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Archive for February, 2010

Dostoyevsky & Gandhi

Gandhi’s peace social action movement, known as satyagraha, is one of those obscure terms that has been fascinating for me to try to analyze (Being the ignorant person that I am, I’ll admit to not knowing much about Gandhi before this comparative religious ethics course).  The philosophy behind it is of holding tight to truth, and in the instances of protests, Gandhi believed it was necessary to do it non-violently (ahimsa) in the quest for the relative truths within particular situations.  Though I’m intrigued at some of the ways satyagraha has been carried out, I’m not particularly convinced about the non-violence of his actions.   In my mind, all coercion is inherently violent in nature.   It is force to make people do what they would not otherwise do (note that I believe a lot of social contracts are coercive, so I’m not making the claim that coercion is always bad).  That is not to say that satyagraha only employed coercion, or that all persuasion is coercion, or that all coercion is equally violent.  But it is true that one of the great critiques of Gandhi is that his tactics are hurtful or wounding to people (even if not in the physical sense), and this is something that he constantly had to address.  He had to eventually say that some forms of harm are more harmful than others.  This is true, and yet it throws questions about the nature of ahimsa and to what extent some sorts of violence is okay.   It annoys me a bit because Gandhi was not a systematic thinker, and as someone who tends to be a systematic thinker, it is a bit problematic for me.  In Gandhi’s defense, though, he was more interested in the practical results (and he had many good results) than in theory.

To qualify the things I’ve said, I should point out that I’m not myself a pacifist, so I don’t feel obligated to follow the extreme sort of non-violence that is endorsed by Gandhi.  I do believe that the ideas of non-violence is transferable to different cultures outside of India in order to achieve social action, but it definitely has to be modified to our times.  One of the things that my discussion group talked about was that satyagraha would have a very hard time being effective in our desensitized world.  We’ve seen everything that nothing really touches us.  Part of what made him so effective was not only his dedication to non-violence, but also because of the time was ripe for it to happen.  What I do admire most about it is the elevation and emphasis on pitting our ethics against those of others to convince the other side of the rightness of our position.  It requires respect.  It means you cannot malign the “opponents.”  It means that not all tactics are valid even if they are available.  It is a recognition of the other’s worth and humanity (which, funny enough, were concepts imported idea from Europe).  I also find the fact that Gandhi was influenced by the Sermon on the Mount to be pretty cool.  😛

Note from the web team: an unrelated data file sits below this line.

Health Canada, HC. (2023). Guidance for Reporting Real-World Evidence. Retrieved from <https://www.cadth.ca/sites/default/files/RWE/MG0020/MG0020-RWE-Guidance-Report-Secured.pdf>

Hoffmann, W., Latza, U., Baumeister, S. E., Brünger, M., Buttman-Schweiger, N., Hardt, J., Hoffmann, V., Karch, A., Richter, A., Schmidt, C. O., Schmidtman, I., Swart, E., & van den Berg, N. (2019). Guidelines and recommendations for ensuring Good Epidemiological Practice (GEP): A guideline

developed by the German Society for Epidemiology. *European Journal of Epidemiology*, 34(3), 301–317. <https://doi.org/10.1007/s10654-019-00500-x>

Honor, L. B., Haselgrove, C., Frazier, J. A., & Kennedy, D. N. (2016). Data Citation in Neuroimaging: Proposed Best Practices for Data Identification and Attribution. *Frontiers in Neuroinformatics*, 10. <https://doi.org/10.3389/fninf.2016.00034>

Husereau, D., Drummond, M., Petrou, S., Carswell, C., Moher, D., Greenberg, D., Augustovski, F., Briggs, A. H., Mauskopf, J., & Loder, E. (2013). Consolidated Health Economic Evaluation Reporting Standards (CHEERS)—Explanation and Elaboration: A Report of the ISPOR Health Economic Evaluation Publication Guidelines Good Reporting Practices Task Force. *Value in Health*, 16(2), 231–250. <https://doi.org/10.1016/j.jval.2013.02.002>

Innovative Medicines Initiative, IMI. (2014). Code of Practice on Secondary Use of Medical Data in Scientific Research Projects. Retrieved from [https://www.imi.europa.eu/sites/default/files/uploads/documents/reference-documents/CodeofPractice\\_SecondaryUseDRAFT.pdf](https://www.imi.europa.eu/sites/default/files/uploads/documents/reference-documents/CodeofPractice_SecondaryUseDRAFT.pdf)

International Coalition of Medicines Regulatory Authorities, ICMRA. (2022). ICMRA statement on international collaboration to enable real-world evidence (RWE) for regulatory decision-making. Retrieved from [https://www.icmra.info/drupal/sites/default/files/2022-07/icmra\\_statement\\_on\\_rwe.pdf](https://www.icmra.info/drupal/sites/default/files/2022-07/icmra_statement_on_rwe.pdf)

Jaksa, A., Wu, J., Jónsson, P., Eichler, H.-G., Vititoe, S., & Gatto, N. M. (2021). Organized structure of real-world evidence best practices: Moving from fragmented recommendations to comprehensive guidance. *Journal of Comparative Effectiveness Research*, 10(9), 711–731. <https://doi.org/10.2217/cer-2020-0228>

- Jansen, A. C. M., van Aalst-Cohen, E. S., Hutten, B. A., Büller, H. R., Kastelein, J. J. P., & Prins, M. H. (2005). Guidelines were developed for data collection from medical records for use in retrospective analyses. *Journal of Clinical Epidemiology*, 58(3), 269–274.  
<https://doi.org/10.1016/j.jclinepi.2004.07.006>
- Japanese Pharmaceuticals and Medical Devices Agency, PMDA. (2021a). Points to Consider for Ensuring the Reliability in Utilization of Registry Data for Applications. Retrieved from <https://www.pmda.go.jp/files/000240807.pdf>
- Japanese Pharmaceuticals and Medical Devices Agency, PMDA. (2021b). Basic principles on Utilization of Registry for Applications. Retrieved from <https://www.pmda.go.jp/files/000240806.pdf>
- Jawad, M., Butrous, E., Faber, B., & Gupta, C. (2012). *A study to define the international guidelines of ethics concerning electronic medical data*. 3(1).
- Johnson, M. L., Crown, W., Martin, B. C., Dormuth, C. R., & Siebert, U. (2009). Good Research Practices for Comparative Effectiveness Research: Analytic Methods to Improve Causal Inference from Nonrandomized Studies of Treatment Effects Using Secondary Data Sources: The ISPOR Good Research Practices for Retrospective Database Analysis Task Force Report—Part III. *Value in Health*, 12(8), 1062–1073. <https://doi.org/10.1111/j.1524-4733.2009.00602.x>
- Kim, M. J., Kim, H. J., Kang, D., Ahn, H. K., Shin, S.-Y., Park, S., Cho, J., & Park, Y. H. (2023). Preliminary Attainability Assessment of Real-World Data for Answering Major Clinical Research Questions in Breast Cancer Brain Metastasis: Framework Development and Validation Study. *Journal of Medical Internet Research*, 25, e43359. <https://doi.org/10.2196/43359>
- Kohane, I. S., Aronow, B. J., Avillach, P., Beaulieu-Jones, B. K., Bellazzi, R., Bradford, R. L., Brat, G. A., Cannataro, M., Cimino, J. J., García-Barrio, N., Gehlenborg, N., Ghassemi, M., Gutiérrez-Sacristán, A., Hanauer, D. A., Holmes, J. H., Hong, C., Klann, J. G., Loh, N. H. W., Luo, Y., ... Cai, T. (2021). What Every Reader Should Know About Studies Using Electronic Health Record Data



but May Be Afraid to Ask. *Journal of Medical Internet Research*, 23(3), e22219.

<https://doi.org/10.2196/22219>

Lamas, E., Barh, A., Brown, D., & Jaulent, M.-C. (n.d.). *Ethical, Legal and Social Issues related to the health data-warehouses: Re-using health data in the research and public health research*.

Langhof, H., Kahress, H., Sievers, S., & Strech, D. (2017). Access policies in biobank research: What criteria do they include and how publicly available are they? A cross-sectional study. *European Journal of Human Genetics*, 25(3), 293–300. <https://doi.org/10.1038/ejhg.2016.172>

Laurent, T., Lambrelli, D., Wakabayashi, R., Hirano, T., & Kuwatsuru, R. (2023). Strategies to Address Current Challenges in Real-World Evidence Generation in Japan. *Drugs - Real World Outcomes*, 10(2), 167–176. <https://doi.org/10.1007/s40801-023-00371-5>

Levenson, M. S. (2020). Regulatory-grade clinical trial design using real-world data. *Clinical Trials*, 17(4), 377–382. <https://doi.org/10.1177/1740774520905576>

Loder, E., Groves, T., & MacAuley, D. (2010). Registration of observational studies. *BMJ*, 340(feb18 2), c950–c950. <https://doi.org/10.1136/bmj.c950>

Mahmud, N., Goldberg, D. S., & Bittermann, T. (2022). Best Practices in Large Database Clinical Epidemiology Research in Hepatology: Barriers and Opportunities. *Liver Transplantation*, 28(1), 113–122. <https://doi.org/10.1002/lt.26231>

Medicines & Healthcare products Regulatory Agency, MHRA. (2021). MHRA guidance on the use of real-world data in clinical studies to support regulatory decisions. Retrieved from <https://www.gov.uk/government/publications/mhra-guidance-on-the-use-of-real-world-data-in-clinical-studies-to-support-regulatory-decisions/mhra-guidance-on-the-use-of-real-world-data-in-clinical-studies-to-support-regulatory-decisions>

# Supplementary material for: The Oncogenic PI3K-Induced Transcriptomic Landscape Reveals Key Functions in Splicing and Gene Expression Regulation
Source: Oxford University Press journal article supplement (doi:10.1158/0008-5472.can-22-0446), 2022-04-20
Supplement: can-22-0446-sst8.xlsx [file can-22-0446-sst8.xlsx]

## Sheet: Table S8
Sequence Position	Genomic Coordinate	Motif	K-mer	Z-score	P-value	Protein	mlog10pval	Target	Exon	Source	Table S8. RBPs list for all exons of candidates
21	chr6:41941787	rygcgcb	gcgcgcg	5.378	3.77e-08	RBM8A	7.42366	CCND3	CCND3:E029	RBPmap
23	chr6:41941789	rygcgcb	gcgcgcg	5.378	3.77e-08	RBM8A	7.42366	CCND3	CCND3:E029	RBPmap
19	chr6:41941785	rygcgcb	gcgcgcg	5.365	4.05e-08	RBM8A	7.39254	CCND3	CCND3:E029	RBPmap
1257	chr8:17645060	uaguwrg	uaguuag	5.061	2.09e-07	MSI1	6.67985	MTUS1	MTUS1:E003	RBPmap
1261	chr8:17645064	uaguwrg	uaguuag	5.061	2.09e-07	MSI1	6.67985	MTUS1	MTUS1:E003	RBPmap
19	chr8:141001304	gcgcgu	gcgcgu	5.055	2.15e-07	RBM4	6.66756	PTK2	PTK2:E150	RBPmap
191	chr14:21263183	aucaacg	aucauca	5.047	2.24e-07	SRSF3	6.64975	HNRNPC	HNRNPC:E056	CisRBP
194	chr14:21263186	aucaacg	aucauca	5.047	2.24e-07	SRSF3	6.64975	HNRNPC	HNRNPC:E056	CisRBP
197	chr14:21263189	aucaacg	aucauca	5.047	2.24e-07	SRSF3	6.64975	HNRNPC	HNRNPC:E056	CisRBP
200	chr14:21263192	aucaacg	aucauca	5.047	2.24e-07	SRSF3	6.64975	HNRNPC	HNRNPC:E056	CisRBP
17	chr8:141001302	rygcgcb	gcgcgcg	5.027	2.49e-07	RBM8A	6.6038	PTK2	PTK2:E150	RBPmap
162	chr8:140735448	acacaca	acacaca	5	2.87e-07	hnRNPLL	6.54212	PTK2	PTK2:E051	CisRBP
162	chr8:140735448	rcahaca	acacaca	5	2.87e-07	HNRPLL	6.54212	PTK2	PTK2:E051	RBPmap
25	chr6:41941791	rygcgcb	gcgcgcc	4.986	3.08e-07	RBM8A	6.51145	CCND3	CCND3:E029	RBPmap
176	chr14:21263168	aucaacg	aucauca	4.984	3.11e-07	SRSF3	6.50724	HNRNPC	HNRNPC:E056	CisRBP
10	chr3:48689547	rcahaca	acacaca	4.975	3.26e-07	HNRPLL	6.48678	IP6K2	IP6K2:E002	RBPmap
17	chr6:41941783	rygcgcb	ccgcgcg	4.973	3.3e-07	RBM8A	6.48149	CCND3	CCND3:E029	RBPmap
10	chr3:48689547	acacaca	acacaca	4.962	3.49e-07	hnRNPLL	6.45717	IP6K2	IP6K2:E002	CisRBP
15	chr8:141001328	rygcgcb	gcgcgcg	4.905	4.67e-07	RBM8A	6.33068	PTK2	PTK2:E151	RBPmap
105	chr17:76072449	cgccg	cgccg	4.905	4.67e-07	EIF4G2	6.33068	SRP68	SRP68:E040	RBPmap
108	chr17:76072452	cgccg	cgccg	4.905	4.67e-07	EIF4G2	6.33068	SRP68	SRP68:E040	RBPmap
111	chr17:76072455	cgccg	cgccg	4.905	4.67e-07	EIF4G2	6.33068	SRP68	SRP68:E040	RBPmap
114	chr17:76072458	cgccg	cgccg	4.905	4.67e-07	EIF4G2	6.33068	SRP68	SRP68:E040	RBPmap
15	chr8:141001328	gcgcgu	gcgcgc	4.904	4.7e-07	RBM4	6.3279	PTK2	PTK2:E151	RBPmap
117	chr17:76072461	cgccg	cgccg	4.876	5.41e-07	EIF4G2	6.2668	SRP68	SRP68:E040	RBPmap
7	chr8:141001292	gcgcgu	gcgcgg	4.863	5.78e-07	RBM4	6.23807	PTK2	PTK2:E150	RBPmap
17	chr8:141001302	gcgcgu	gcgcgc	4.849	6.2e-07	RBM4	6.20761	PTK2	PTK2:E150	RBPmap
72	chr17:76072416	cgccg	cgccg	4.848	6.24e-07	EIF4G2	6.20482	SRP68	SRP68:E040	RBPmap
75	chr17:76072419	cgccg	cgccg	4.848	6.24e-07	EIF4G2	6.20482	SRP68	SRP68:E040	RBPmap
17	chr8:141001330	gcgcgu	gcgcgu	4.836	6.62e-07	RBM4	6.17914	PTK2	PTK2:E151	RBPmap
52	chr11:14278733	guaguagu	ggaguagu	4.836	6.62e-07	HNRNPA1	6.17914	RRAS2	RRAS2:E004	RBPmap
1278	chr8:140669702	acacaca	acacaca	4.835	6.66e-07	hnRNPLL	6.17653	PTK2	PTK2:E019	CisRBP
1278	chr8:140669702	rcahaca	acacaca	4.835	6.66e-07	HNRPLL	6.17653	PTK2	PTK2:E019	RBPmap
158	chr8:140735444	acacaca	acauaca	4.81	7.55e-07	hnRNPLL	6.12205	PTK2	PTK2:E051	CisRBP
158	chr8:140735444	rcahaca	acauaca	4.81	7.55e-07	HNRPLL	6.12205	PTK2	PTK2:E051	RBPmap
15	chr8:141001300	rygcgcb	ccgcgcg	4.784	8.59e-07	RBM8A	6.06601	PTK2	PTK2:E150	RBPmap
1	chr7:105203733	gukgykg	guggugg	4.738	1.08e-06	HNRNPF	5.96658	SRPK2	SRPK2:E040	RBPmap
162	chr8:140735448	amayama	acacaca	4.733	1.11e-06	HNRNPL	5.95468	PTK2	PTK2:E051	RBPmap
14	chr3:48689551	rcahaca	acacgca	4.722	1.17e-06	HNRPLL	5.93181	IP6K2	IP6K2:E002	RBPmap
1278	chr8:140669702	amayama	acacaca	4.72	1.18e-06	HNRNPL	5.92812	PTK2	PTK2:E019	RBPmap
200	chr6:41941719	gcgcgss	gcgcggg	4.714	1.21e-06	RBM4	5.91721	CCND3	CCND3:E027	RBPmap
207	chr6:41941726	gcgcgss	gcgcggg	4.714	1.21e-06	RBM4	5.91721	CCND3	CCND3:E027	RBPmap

Anyway, I’ve been reading Fyodor Dostoyevsky’s The Brother’s Karamazov.  So far, I’m really liking it.   It has a lot of biblical references.  Here are some of the quotes that I found to be funny, regarding one of the characters called Alyosha.

“Alyosha was a realist. No doubt, he fully believed in miracles, but it is not miracles that dispose realists to belief. The genuine realist, if an unbeliever, will always find the ability to disbelieve in the miraculous. If confronted with a miracle as an irrefutable fact he would rather disbelieve his own senses than admit the fact. Even if he admits it, he admits it as a fact of nature till then unrecognized by him. Faith does not, in the realist, spring from the miracle, but the miracle from faith. If the realist once believes, then he is bound by his very realism to admit the miraculous also.”

“He [Alyosha] was convinced of the existence of God and immortality. “I want to live for immortality and I will accept no compromise.” If he had decided that God and immortality did not exist, he would have become an atheist and a socialist. For socialism is not merely the labor question, it is before all things the atheistic question, the question of the form taken by atheism today, the question a tower of Babel built without God, not to mount to heaven from earth but to set up heaven on earth.”

The last quote is hilarious!  The narrative goes back later to speak about some abberant people who are Christians AND socialists.  Shocking!  lol.

Anyway, enough writing for now.  It’s wet and rainy and has been so for a couple of days now, and I’m hoping that it’ll be better tomorrow.  Here’s to hoping!

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